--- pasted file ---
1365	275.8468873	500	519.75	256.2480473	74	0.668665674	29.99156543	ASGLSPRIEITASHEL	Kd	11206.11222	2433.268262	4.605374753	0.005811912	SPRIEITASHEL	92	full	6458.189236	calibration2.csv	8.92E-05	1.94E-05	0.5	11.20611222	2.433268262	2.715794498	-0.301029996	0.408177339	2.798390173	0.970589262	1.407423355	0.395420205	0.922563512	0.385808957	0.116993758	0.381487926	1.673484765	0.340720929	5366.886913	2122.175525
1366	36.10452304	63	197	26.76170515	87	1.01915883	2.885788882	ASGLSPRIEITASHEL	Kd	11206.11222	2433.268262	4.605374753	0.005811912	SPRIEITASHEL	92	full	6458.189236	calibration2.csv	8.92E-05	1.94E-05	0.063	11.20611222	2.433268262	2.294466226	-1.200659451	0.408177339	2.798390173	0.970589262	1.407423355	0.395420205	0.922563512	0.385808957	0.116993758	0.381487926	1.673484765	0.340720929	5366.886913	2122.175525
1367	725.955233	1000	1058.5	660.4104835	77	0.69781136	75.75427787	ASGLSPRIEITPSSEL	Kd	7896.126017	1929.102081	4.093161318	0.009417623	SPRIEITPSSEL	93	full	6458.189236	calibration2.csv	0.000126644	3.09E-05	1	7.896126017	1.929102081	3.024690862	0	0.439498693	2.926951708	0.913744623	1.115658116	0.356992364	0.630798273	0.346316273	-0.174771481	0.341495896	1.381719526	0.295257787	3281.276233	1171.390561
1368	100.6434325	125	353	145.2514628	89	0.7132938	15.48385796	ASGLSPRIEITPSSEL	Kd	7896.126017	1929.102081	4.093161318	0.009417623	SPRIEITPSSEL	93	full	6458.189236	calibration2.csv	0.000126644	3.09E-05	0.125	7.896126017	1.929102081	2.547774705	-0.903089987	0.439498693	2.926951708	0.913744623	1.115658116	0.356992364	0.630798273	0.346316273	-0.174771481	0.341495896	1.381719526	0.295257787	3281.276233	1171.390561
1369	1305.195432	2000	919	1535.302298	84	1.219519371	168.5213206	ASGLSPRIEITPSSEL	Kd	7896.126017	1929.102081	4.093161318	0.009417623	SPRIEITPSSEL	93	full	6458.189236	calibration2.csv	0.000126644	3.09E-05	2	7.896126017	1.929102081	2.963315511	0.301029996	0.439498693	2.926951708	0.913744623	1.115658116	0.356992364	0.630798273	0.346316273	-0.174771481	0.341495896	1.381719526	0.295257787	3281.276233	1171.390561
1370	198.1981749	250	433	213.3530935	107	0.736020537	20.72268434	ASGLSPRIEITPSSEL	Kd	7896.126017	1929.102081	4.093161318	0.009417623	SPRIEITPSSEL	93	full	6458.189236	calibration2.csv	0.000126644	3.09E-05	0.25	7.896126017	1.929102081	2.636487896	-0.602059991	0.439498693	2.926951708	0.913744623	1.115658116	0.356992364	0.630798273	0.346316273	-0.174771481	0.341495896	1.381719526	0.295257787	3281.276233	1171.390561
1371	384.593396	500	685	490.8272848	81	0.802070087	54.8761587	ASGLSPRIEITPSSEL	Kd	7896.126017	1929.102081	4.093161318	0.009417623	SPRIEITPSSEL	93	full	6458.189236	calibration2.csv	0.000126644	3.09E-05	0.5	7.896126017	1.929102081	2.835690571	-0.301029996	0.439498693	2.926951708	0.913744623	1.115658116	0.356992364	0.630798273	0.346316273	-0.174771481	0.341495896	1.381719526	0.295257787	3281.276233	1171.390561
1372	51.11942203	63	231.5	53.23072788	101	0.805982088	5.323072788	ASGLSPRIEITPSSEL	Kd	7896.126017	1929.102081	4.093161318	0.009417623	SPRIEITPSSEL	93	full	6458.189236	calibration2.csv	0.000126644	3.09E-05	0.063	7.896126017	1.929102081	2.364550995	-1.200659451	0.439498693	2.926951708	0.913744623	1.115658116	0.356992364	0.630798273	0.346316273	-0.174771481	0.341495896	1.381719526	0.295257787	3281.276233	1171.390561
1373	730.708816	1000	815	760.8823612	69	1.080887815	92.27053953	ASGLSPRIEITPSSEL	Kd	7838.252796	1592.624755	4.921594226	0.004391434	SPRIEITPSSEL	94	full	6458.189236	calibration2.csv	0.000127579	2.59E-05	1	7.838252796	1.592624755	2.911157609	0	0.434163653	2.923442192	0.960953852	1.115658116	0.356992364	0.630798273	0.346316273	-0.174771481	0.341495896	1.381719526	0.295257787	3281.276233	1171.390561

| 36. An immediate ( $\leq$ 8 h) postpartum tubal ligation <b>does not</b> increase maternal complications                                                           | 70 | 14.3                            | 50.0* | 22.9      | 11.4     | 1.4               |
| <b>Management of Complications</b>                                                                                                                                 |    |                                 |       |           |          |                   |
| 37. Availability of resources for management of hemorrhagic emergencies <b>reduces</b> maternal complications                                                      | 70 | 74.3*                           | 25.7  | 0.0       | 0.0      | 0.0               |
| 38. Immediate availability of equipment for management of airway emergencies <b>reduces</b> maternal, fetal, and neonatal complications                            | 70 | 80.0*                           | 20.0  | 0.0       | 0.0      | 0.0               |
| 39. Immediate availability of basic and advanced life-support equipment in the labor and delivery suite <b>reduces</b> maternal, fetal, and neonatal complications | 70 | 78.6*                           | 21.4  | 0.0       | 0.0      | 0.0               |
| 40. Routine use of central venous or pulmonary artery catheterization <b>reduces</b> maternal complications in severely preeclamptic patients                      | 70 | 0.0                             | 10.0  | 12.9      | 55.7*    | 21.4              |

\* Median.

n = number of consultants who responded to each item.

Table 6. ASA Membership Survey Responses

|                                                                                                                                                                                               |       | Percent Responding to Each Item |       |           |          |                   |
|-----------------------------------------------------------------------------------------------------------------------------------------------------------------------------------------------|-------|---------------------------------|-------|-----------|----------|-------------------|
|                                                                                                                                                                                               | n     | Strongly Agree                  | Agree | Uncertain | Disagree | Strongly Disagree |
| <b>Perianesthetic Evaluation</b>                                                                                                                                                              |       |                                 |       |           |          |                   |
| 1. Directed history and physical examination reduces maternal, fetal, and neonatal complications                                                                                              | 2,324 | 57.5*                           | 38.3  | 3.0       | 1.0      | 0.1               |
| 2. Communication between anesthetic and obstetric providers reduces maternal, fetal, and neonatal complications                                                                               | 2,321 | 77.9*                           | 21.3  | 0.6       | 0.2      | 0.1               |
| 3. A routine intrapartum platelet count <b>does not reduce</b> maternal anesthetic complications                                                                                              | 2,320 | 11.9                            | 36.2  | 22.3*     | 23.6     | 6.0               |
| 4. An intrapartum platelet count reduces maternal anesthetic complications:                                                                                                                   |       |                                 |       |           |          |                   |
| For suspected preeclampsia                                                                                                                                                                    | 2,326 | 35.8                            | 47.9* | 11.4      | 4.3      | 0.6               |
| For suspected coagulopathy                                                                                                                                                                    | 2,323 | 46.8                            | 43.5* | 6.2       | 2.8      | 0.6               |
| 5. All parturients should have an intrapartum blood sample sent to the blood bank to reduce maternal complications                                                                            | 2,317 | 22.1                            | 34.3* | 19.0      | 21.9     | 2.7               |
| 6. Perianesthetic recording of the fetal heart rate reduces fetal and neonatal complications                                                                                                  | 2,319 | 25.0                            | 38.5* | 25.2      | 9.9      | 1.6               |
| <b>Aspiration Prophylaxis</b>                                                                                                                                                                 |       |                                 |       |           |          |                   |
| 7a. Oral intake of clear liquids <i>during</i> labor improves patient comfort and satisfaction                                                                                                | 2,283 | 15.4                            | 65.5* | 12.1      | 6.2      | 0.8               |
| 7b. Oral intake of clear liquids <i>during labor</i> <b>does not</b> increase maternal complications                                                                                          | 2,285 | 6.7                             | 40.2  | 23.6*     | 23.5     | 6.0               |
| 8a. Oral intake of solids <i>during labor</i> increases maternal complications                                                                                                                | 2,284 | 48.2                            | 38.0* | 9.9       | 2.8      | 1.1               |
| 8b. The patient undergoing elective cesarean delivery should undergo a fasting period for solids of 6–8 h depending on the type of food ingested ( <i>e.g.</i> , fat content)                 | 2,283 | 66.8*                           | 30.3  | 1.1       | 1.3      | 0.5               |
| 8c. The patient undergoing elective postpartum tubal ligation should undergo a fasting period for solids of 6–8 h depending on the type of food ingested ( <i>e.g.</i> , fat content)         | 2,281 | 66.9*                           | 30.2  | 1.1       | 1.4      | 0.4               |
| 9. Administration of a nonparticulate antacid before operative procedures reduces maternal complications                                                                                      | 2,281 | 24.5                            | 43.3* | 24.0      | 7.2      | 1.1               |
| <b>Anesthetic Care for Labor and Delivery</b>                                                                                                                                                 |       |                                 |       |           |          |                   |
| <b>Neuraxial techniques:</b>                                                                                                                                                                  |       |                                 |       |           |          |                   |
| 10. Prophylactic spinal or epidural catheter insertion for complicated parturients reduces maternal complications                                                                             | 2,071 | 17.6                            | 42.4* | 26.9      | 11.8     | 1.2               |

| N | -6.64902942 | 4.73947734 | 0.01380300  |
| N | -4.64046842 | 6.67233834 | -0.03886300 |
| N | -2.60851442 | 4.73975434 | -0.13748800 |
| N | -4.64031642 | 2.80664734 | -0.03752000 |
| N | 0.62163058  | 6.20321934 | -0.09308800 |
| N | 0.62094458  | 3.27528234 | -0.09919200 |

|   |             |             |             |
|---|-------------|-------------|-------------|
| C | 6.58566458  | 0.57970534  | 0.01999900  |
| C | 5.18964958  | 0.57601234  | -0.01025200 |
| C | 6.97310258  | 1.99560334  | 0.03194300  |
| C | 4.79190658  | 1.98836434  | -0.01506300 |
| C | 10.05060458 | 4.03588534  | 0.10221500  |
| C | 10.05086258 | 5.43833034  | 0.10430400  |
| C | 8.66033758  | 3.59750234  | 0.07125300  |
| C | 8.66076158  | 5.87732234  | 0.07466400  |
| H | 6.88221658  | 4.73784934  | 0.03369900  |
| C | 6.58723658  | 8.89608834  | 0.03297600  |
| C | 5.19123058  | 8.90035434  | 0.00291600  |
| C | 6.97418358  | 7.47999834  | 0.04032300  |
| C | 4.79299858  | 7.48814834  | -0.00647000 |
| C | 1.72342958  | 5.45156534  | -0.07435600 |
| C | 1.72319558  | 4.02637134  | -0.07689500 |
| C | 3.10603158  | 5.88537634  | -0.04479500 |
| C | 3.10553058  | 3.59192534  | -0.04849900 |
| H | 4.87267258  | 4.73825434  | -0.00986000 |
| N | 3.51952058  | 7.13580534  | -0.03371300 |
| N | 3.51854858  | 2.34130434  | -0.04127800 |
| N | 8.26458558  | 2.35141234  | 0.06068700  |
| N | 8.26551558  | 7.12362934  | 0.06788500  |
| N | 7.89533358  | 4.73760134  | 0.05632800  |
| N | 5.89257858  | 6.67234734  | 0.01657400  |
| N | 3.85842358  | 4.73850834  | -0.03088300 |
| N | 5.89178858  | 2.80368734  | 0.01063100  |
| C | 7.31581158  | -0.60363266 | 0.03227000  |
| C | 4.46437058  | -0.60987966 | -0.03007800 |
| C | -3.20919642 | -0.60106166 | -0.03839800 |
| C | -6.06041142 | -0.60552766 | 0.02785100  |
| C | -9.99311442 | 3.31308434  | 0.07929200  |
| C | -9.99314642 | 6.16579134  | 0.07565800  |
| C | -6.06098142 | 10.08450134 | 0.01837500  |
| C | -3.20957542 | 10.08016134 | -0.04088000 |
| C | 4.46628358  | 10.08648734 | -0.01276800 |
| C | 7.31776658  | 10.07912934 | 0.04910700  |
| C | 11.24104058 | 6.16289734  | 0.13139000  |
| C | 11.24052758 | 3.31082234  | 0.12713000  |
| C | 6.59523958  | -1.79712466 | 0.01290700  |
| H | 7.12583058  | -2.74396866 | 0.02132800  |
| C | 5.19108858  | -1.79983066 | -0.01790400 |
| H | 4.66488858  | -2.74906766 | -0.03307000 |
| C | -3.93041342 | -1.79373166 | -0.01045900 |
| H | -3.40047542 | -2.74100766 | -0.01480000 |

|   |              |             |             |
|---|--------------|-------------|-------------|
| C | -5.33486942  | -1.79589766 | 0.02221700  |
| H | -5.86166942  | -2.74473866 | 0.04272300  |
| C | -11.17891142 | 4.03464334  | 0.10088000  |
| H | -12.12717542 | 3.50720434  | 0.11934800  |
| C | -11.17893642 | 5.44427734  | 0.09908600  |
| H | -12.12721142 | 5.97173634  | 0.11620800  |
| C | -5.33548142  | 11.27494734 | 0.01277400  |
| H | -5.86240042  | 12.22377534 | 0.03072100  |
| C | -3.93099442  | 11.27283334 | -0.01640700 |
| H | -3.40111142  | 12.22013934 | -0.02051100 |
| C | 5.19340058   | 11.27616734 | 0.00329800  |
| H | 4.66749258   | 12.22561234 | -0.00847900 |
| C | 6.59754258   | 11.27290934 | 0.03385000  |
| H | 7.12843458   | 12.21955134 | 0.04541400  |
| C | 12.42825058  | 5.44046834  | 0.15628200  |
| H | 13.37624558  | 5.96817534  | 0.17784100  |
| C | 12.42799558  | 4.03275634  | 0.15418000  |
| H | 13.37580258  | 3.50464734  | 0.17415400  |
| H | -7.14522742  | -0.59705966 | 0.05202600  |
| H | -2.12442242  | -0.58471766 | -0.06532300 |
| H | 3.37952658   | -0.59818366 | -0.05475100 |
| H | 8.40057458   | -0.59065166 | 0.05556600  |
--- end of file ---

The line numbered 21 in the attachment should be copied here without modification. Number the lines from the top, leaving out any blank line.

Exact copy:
|                                                                                                                                                                                               | n     | Strongly Agree                  | Agree | Uncertain | Disagree | Strongly Disagree |